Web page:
10. The figures are gathered and kept by people who use different definitions. To quantify rent in the classical sense, we’d have to decode published figures, using controversial methods.
9. Rent is in constant flux. It is affected by complex feedback loops involving interest rates, currency markets, securities markets, politcal and economic cycles and who-knows-what-all.
8. For such a study to be credible, it would require considerable funding, at the expense of other research, as well as outreach and publishing endeavors.
7. By acknowledging the need for such a quantification, we fall into a trap set by our opponents, who know that under current conditions, the numbers we’d come up with would be questionable, at best.
6. The call for “expert professional research” is a way of devaluing, or even discrediting, the Georgist tradition of simple, accessible, rationally consistent economic analysis.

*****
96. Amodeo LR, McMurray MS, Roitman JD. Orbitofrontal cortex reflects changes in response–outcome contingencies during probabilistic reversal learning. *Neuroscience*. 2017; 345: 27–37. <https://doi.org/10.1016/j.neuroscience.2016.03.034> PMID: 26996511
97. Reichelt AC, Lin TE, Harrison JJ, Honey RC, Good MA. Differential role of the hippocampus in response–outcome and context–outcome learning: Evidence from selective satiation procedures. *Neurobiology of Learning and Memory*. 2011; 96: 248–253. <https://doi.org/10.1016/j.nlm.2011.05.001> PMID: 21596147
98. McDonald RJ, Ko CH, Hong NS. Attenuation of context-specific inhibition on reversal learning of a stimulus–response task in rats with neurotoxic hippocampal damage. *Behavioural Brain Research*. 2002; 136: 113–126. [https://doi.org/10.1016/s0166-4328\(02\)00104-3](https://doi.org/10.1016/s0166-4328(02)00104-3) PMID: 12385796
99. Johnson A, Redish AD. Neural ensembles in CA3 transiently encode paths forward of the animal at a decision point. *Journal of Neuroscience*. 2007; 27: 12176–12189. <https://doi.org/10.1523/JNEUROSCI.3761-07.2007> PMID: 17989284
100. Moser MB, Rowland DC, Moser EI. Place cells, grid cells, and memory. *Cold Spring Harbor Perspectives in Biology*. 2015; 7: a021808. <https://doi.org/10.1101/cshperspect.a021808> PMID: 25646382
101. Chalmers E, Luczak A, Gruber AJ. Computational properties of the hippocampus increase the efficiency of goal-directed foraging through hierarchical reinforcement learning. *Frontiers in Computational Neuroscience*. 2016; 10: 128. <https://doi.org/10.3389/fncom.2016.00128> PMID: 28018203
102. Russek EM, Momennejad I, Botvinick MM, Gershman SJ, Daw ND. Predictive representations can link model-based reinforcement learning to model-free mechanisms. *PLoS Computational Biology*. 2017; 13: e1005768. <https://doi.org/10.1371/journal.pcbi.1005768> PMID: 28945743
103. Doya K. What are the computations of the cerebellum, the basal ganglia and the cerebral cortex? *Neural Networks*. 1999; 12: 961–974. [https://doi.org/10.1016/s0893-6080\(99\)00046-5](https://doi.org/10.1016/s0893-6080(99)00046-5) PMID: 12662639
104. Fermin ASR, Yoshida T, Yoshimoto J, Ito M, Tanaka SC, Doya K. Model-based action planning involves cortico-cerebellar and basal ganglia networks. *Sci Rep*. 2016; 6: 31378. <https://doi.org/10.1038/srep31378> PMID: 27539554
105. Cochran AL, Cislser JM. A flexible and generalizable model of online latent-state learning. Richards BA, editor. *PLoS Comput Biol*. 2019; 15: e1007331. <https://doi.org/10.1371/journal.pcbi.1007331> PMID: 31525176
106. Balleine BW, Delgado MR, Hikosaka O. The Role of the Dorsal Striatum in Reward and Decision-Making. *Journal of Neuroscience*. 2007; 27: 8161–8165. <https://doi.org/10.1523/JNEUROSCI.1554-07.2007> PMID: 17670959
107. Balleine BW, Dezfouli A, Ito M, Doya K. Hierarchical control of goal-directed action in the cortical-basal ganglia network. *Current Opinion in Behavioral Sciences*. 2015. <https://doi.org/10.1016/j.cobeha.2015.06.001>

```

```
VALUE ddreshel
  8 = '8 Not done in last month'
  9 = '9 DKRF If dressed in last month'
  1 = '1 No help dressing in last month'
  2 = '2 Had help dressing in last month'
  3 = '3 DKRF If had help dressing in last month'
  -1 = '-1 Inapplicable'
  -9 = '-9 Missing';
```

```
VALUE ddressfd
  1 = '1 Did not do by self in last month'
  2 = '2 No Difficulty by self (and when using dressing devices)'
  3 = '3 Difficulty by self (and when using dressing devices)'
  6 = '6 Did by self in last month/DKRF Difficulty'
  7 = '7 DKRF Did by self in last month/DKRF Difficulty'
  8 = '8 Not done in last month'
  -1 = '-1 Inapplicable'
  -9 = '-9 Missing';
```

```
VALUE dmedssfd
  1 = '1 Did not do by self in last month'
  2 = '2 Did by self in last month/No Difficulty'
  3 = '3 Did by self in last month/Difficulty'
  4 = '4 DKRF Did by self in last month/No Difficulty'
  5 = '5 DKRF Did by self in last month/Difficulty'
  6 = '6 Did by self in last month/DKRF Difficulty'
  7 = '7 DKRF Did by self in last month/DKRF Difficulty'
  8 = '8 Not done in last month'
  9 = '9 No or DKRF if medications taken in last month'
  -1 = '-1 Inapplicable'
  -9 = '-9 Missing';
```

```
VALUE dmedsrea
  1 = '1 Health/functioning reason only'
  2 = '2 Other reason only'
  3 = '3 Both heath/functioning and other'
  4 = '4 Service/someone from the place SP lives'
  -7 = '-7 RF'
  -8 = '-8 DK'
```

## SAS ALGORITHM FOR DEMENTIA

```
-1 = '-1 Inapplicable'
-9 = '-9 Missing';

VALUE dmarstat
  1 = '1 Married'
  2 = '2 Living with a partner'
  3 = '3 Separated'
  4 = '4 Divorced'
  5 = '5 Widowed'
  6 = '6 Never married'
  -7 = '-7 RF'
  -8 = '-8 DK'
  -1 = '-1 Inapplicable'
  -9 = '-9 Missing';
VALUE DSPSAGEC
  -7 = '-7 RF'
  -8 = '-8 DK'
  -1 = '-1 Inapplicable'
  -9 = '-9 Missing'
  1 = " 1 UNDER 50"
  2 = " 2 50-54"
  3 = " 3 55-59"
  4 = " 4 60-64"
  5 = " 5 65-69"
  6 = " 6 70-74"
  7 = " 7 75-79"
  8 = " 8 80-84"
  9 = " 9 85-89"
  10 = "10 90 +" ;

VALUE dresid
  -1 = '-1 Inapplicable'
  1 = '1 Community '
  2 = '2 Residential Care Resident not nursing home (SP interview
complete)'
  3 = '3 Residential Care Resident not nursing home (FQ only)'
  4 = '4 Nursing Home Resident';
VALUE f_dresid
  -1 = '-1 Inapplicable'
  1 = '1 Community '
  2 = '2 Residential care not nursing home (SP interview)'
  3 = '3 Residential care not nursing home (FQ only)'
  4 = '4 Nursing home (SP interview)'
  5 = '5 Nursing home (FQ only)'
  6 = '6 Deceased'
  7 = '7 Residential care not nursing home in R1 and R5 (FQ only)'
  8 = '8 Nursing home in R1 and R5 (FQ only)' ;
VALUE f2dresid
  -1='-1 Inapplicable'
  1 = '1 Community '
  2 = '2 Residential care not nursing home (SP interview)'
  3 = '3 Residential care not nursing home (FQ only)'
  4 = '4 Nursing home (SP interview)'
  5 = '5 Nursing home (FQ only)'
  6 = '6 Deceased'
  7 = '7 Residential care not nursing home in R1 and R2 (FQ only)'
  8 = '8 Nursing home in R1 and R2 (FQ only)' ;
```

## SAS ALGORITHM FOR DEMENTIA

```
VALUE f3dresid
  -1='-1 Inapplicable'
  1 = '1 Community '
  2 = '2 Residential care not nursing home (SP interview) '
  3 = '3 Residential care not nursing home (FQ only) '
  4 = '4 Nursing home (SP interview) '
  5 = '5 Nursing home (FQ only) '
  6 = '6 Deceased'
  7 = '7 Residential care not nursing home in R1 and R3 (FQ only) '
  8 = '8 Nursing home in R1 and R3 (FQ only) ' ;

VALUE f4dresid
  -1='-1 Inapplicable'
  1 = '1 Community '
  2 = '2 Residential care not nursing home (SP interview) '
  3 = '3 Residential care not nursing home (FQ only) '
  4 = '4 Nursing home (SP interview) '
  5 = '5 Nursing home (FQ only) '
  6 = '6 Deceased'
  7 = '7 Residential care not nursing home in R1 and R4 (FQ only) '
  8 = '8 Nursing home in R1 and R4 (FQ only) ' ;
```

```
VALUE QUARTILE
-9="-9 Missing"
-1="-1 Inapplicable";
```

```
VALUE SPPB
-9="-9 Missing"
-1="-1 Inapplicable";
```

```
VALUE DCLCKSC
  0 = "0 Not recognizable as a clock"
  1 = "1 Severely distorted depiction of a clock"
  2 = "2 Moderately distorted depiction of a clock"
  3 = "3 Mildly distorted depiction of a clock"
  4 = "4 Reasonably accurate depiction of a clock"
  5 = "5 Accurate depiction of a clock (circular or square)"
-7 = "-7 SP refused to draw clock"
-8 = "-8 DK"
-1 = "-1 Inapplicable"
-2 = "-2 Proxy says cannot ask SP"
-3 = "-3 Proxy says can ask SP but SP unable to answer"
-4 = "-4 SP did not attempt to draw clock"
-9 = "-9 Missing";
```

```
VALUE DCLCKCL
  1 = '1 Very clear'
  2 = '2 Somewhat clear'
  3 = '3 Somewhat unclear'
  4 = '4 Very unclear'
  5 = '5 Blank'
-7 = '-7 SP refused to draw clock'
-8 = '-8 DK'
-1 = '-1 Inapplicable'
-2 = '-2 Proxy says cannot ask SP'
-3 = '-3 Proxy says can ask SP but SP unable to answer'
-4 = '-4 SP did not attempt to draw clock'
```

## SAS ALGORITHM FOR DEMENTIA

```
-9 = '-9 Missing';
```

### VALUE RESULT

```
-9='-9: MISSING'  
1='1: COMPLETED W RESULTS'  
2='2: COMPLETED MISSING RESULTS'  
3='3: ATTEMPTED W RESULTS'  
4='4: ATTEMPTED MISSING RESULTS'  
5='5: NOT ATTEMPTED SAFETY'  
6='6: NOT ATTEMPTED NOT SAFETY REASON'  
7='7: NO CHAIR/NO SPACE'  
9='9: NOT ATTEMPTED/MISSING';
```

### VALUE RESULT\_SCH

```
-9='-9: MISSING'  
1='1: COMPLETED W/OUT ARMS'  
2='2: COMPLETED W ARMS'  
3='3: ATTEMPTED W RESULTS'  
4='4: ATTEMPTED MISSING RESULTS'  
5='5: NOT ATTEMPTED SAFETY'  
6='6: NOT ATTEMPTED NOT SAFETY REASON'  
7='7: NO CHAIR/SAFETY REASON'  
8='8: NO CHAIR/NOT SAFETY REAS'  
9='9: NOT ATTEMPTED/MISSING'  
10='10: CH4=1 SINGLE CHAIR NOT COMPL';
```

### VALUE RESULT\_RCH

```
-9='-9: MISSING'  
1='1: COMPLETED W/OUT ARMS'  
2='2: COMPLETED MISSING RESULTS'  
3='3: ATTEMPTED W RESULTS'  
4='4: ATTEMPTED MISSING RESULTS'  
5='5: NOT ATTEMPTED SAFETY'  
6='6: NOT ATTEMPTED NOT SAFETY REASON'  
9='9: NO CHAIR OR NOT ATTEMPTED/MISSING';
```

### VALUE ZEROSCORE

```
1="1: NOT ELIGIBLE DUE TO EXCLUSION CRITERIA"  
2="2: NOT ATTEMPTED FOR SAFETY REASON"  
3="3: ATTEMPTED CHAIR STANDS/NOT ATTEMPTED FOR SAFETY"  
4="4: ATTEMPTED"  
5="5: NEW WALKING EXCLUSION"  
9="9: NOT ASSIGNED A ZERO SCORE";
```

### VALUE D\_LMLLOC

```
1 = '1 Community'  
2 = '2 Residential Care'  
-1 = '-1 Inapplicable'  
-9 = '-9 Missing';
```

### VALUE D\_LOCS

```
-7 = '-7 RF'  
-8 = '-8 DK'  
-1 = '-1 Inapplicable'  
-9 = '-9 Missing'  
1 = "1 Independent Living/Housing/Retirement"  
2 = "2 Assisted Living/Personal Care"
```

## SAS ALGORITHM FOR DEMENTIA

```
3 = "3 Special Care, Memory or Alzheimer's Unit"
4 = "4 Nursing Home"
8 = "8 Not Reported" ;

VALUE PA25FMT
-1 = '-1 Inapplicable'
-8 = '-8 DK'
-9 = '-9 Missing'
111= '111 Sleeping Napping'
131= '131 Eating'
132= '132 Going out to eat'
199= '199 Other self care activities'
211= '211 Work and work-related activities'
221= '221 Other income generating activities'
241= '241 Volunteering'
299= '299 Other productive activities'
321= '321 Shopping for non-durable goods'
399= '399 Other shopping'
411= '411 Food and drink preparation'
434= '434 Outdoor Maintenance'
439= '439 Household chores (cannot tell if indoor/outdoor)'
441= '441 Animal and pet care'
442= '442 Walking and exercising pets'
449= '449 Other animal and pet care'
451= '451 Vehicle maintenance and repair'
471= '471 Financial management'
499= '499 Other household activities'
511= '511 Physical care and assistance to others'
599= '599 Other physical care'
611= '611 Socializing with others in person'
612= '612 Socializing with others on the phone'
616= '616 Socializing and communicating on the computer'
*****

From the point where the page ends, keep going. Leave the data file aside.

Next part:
5. Land, itself, knows no arbitrary boundaries — but land values are affected by questions of sovereignty, international conflict and global externalities, and these influences are likely to grow.
4. If, as is likely, the economic establishment doesn’t want to admit how much rent there is (or that rent is an economically distinct fund at all), then it will have marshalled vast resources in the effort to obfuscate it, and has a huge head start.
3. Even if we had a reasonably accurate estimate of rent as we define it, we would still have to teach everyone else our definition before they understood the significance of our figures.
2. Aggregate rent today is intimately tied up with today’s tax and financial systems. Under the Georgist remedy, aggregate rent would change, drastically, in unpredictable ways.
1. Regardless of how much or how little rent there is, it is created by society and should be collected for public revenue.